We've blogged about the Romanian treatment of the orphan and street kid problem, the EU reaction and the Romanian response to that before. Sky TV, a British TV station, showed a report last week that stirred some blood here. A team of reporters with pocketsful of Euros grazed the poorer areas of Bucharest, trying to buy babies. Did they succeed? You bet they did.
Sky News' Lawrence Lee reports:
It proved remarkably simple to buy a baby. You go to the outdoor market in Bucharest, and look for the poorest people, who, inevitably, are laden with young children. You pretend to be a couple desperate to adopt; in the space of a single afternoon we met one man who offered us whichever of his daughter's 20-or-so children we wanted; another offered us his wife's unborn child for 500 euros (£350). Not only does this seem to raise grave questions about Romania's suitability to be a part of the EU, it also causes a huge headache for the agencies who continue to fight a losing battle against gangs engaged in people trafficking.This comes as no surprise to people living in Romania. The recent changes in the adoption law -- namely, that foreigners are only allowed to adopt if it's proven that no Romanian wants a specific child -- have not improved the situation. It's a remarkably stupid law in the first place, and then, of course, it's not enforced consistently. Money will buy you anything, also the cooperation of an official. Speaking of enforcement: how do you think the authorities reacted to the Sky News report? They are now seeking the families who offered their children for sale in order to prosecute them. The National Authority for Child Protection and Adoption is helping the Department against Organized Crime and Drugs [sic!] which is conducting the investigation. Where is the Child Protection service when those children end up on the street because their parents cannot feed them anymore? Why the Police Department against Organized Crime? What is anybody doing against the roots of the problem? Sky News:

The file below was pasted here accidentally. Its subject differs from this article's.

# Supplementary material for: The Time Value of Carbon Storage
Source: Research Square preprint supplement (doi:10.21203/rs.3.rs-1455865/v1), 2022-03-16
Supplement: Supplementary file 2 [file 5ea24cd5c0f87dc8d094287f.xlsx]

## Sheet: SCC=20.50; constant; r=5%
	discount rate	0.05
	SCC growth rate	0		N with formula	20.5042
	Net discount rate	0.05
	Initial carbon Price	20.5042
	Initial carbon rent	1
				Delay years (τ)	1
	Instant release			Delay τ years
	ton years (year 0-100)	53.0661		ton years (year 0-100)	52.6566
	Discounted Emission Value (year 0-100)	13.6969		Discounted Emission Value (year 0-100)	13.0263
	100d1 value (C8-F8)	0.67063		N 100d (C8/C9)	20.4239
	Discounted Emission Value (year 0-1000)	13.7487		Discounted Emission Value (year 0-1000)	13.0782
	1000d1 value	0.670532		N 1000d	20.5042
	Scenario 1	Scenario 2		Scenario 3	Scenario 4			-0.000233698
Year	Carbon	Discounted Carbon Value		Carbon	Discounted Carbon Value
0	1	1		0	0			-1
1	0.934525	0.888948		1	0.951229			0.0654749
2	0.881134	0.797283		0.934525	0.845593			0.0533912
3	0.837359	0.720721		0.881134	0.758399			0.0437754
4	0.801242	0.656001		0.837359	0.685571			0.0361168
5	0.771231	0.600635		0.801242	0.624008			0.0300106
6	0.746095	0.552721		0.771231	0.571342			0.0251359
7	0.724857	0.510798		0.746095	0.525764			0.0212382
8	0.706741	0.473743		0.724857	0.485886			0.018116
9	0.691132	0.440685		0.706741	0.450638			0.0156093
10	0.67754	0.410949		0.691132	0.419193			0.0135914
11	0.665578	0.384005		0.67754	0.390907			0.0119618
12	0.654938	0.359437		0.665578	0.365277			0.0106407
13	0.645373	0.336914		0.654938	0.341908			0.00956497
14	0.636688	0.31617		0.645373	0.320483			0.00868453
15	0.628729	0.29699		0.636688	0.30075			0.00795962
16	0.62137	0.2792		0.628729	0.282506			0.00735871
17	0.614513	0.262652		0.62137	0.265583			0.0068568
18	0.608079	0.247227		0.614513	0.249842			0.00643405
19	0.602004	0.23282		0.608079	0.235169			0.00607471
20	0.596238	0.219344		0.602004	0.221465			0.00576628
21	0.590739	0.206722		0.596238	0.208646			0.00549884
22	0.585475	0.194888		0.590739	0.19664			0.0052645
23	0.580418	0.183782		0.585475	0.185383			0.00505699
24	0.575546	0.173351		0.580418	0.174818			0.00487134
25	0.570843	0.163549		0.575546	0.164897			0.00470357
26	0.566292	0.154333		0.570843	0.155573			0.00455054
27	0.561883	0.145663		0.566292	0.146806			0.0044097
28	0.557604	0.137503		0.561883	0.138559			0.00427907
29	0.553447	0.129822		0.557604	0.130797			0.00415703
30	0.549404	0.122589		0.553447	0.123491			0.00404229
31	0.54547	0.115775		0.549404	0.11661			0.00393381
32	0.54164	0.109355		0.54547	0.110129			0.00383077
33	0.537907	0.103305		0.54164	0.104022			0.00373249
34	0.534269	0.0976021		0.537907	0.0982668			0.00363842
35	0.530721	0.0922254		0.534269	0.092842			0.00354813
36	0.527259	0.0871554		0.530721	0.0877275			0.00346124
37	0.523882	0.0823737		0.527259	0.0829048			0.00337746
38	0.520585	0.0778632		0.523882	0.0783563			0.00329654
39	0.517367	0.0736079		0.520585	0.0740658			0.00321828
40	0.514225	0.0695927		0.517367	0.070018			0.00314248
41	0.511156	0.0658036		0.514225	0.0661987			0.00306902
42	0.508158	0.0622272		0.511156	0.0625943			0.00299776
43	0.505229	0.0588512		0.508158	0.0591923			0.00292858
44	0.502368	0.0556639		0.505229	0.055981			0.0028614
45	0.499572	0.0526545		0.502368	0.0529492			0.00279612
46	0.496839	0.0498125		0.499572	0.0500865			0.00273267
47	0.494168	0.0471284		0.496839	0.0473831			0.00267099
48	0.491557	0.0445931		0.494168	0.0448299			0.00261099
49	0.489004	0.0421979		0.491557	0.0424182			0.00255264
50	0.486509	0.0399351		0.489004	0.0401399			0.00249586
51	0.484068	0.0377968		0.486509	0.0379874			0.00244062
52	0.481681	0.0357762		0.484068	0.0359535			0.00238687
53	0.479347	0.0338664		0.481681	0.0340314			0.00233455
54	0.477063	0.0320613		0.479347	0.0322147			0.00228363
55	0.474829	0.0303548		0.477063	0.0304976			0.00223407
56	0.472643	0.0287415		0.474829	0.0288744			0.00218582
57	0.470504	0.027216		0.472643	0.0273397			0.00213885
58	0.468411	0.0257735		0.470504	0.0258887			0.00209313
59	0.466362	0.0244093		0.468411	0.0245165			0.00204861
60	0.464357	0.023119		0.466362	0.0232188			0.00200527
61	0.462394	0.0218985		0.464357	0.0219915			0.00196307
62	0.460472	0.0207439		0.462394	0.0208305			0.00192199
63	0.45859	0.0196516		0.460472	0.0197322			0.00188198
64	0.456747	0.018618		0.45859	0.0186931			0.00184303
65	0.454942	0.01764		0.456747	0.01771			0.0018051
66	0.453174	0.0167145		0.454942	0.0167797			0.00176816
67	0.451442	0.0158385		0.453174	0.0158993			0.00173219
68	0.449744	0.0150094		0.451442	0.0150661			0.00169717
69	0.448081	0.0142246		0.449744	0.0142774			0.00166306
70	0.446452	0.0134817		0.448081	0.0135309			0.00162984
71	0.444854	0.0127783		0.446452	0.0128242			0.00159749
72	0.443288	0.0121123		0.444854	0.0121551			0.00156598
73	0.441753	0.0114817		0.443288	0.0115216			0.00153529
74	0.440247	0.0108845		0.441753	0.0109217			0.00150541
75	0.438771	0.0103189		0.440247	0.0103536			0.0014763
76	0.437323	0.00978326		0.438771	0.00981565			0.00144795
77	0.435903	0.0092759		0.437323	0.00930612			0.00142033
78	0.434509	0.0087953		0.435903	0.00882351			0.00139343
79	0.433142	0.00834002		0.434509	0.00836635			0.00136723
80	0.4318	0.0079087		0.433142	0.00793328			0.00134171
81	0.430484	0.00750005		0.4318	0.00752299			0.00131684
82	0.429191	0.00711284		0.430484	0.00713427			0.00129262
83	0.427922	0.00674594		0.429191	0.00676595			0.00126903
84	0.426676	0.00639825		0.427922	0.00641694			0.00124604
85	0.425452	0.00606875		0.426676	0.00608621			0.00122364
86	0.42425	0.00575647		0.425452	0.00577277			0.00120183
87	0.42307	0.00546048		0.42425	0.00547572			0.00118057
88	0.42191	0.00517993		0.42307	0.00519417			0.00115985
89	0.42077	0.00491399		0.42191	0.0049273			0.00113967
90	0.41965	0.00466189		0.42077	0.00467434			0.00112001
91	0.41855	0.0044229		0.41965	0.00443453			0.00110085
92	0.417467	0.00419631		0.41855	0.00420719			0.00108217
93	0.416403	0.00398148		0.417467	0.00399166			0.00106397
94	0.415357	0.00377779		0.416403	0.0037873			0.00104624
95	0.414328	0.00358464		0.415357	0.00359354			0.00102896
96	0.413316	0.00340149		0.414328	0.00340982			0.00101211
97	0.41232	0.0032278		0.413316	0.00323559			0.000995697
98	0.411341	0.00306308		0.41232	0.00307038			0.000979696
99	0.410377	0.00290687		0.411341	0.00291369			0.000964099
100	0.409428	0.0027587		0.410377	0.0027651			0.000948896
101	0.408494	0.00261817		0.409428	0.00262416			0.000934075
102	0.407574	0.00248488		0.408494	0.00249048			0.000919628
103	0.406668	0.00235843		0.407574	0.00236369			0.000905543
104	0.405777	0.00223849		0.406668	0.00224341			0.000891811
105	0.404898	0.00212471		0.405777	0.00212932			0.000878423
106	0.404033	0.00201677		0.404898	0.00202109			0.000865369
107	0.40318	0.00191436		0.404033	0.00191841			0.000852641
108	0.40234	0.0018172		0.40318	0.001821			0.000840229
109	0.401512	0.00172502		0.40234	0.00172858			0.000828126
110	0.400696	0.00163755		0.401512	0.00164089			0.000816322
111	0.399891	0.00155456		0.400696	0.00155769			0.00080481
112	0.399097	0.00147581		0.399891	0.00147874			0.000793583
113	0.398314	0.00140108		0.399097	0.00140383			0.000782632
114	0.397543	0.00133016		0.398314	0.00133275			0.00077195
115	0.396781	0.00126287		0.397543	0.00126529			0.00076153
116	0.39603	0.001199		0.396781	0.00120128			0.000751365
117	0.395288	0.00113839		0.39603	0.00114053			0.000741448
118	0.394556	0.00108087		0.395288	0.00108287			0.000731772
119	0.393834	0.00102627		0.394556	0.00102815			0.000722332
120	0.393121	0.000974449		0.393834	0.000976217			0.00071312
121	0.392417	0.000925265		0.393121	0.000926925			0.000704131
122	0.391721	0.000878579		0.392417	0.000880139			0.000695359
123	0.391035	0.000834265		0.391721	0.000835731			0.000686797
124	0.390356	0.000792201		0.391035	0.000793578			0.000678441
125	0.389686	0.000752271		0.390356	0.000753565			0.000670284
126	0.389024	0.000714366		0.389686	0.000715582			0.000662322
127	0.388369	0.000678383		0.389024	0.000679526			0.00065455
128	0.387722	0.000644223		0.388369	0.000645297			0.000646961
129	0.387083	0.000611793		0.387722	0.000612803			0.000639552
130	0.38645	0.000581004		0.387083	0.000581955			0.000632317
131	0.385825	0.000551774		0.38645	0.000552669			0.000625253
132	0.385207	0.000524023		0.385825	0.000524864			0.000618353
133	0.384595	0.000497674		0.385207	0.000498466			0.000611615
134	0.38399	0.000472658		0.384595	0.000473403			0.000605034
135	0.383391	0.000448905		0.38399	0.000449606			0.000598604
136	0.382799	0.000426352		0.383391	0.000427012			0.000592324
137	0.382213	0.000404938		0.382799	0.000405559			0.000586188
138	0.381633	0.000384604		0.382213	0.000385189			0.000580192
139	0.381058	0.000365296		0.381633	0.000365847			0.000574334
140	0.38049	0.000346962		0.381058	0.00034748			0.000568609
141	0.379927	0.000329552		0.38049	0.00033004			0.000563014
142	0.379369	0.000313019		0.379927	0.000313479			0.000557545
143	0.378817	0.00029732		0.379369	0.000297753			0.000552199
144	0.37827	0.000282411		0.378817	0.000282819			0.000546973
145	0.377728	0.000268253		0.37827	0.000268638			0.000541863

The Mayor of Bucharest, a forward-looking man who's one of the few here prepared to admit that big problems still exist, was apoplectic. "You wouldn't treat a dog like this," he said, and he was obviously right. "But what to do?" He reckoned it was about education, but in truth many Romanians regard the Roma as an internal cancer, keeping their country in the middle ages.This is true, I'm sorry to say.